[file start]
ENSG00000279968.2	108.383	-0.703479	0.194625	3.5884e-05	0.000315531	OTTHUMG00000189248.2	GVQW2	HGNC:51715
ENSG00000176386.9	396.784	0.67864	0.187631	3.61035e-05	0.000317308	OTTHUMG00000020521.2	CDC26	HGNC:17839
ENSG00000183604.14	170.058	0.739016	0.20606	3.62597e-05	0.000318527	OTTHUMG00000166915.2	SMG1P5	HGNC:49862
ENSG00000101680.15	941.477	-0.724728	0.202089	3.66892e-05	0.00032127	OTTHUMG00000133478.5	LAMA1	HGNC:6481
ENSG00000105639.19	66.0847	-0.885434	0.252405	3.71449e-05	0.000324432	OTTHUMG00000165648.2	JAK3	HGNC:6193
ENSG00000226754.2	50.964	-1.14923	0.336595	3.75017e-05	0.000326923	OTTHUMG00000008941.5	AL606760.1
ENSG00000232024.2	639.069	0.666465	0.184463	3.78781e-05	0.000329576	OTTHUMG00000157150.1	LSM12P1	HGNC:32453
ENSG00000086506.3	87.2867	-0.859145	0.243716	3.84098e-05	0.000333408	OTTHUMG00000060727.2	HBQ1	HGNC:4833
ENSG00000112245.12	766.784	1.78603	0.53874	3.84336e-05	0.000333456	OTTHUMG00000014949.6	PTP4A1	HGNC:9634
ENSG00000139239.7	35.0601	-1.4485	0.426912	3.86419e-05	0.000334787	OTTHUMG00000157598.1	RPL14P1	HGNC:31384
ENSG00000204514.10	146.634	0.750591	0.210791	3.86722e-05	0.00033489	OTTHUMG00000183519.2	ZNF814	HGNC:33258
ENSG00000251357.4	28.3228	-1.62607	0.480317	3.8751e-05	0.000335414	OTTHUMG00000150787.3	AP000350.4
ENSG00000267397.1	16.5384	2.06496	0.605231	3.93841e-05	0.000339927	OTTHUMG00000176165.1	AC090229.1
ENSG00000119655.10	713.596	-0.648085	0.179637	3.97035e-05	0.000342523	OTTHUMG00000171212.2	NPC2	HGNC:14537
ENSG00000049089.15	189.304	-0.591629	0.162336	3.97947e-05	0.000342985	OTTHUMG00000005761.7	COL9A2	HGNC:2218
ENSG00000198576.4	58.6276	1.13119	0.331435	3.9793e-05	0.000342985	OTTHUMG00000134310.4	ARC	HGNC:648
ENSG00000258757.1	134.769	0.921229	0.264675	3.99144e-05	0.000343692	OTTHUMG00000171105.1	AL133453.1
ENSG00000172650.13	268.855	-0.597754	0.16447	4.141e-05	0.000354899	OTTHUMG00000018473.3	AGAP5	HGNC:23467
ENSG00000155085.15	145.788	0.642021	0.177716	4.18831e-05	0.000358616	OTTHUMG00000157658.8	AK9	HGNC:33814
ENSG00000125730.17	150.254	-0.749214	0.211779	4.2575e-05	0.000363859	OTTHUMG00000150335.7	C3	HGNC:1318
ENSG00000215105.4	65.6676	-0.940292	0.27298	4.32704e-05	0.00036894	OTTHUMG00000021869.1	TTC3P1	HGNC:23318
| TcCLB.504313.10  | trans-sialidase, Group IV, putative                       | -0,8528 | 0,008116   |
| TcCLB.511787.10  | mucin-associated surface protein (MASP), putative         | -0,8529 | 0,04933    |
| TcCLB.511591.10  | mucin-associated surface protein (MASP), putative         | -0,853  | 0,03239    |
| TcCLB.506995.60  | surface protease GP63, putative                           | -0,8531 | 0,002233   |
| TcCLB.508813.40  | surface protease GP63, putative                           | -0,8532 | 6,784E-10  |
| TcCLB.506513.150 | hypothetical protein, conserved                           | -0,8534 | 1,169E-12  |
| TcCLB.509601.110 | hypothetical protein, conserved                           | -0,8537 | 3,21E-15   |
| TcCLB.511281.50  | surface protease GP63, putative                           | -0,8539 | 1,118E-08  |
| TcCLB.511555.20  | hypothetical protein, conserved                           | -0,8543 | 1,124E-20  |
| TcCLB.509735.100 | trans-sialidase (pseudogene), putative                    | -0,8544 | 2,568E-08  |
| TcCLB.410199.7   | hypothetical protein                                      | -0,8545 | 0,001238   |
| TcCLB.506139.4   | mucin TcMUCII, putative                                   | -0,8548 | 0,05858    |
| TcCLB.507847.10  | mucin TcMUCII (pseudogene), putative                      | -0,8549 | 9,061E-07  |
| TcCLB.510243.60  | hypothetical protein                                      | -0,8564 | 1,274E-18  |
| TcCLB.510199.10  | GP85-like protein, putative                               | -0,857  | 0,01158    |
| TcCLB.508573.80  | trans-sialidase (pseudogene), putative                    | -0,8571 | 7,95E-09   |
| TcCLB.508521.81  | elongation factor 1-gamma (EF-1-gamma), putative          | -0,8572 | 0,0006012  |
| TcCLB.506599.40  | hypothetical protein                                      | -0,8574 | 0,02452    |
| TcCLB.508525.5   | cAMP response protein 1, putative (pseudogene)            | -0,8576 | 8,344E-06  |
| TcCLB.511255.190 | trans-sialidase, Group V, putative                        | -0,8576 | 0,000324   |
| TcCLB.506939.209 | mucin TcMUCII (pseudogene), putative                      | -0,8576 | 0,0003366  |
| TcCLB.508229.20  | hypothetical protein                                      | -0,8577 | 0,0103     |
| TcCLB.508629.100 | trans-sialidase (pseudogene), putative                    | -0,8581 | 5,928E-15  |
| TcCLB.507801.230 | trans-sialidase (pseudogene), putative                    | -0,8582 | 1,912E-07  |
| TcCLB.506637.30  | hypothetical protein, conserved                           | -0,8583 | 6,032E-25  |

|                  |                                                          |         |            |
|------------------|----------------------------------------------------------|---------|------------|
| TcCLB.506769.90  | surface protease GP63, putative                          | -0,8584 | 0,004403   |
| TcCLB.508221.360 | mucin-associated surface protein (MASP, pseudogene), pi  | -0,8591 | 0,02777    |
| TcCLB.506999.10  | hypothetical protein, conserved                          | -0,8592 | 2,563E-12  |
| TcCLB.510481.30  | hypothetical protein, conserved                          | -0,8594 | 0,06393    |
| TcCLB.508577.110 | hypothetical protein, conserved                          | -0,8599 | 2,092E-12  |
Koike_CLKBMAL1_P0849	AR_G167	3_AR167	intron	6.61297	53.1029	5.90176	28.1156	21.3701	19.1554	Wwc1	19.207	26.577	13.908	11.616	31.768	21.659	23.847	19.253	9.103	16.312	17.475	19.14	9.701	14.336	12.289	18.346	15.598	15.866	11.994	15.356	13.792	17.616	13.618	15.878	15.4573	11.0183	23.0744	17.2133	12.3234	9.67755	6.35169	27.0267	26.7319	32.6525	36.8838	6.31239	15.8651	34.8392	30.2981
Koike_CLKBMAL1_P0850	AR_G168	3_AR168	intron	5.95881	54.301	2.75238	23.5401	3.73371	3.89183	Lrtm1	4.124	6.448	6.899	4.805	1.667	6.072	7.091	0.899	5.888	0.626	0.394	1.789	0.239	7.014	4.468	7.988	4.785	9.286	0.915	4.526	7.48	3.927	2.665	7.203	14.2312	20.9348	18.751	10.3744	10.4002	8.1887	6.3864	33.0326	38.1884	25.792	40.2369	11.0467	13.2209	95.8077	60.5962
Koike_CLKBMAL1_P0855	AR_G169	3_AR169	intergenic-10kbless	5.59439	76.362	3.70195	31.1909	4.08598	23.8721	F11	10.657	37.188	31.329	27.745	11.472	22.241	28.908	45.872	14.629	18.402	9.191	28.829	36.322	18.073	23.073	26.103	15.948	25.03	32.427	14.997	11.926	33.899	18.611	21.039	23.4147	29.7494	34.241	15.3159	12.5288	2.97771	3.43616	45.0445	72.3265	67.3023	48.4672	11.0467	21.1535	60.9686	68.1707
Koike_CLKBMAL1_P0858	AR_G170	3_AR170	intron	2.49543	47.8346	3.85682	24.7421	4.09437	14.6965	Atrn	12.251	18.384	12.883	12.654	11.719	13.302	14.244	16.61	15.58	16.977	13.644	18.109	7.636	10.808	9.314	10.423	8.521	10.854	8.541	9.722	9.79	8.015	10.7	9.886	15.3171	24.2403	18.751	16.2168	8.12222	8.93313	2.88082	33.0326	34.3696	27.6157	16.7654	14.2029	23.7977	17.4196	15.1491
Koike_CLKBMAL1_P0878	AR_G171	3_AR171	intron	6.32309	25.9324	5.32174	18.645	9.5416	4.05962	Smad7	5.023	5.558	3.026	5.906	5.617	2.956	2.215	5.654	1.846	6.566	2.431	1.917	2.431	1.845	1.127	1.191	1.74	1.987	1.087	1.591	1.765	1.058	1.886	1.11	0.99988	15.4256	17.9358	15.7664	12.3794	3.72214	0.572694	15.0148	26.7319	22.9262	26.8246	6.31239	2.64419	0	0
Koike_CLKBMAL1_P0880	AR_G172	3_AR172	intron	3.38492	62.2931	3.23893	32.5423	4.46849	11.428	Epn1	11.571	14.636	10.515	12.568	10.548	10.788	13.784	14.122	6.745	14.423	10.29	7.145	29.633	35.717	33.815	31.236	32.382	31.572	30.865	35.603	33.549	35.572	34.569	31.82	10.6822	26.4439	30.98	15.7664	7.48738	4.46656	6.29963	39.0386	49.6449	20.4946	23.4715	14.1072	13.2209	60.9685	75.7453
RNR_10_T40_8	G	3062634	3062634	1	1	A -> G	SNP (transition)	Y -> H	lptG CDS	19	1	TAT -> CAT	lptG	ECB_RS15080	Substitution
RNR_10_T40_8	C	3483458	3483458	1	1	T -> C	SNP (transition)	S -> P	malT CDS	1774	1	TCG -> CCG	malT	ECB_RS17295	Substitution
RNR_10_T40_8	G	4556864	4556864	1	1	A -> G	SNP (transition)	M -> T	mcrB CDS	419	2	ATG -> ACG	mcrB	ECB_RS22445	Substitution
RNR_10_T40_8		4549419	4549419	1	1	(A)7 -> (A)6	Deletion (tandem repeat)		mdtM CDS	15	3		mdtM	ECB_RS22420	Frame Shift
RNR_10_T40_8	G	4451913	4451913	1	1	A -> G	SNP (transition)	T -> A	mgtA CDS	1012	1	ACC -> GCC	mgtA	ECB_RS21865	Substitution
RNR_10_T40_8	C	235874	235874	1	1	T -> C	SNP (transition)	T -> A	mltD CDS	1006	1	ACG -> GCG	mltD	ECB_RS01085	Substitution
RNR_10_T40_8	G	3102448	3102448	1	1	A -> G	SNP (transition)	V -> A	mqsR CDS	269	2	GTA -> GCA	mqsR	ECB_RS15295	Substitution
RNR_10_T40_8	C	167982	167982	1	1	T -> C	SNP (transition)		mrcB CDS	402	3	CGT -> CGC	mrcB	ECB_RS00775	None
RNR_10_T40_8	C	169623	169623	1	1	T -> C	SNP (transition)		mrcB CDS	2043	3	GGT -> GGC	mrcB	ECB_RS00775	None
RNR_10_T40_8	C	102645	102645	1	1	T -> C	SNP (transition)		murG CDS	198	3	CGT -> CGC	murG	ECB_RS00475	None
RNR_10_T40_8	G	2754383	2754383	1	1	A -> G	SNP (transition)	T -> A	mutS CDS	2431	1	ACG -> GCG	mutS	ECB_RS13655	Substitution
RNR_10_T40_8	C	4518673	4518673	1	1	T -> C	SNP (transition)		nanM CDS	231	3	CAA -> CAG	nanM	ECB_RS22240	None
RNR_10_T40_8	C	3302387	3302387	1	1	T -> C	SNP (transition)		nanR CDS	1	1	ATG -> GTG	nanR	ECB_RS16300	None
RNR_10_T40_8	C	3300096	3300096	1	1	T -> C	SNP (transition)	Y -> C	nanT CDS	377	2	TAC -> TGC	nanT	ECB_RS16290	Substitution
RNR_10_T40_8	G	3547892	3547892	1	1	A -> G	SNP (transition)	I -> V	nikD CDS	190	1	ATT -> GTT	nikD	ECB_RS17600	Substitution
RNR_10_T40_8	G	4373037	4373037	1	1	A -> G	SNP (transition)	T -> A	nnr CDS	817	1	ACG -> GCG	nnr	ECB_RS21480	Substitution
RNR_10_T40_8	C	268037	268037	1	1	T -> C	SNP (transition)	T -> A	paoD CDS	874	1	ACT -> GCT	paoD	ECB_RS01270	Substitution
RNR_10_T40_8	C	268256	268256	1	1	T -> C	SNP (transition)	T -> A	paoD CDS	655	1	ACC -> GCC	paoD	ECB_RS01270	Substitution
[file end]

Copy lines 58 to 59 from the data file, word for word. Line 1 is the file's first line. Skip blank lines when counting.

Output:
Koike_CLKBMAL1_P0878	AR_G171	3_AR171	intron	6.32309	25.9324	5.32174	18.645	9.5416	4.05962	Smad7	5.023	5.558	3.026	5.906	5.617	2.956	2.215	5.654	1.846	6.566	2.431	1.917	2.431	1.845	1.127	1.191	1.74	1.987	1.087	1.591	1.765	1.058	1.886	1.11	0.99988	15.4256	17.9358	15.7664	12.3794	3.72214	0.572694	15.0148	26.7319	22.9262	26.8246	6.31239	2.64419	0	0
Koike_CLKBMAL1_P0880	AR_G172	3_AR172	intron	3.38492	62.2931	3.23893	32.5423	4.46849	11.428	Epn1	11.571	14.636	10.515	12.568	10.548	10.788	13.784	14.122	6.745	14.423	10.29	7.145	29.633	35.717	33.815	31.236	32.382	31.572	30.865	35.603	33.549	35.572	34.569	31.82	10.6822	26.4439	30.98	15.7664	7.48738	4.46656	6.29963	39.0386	49.6449	20.4946	23.4715	14.1072	13.2209	60.9685	75.7453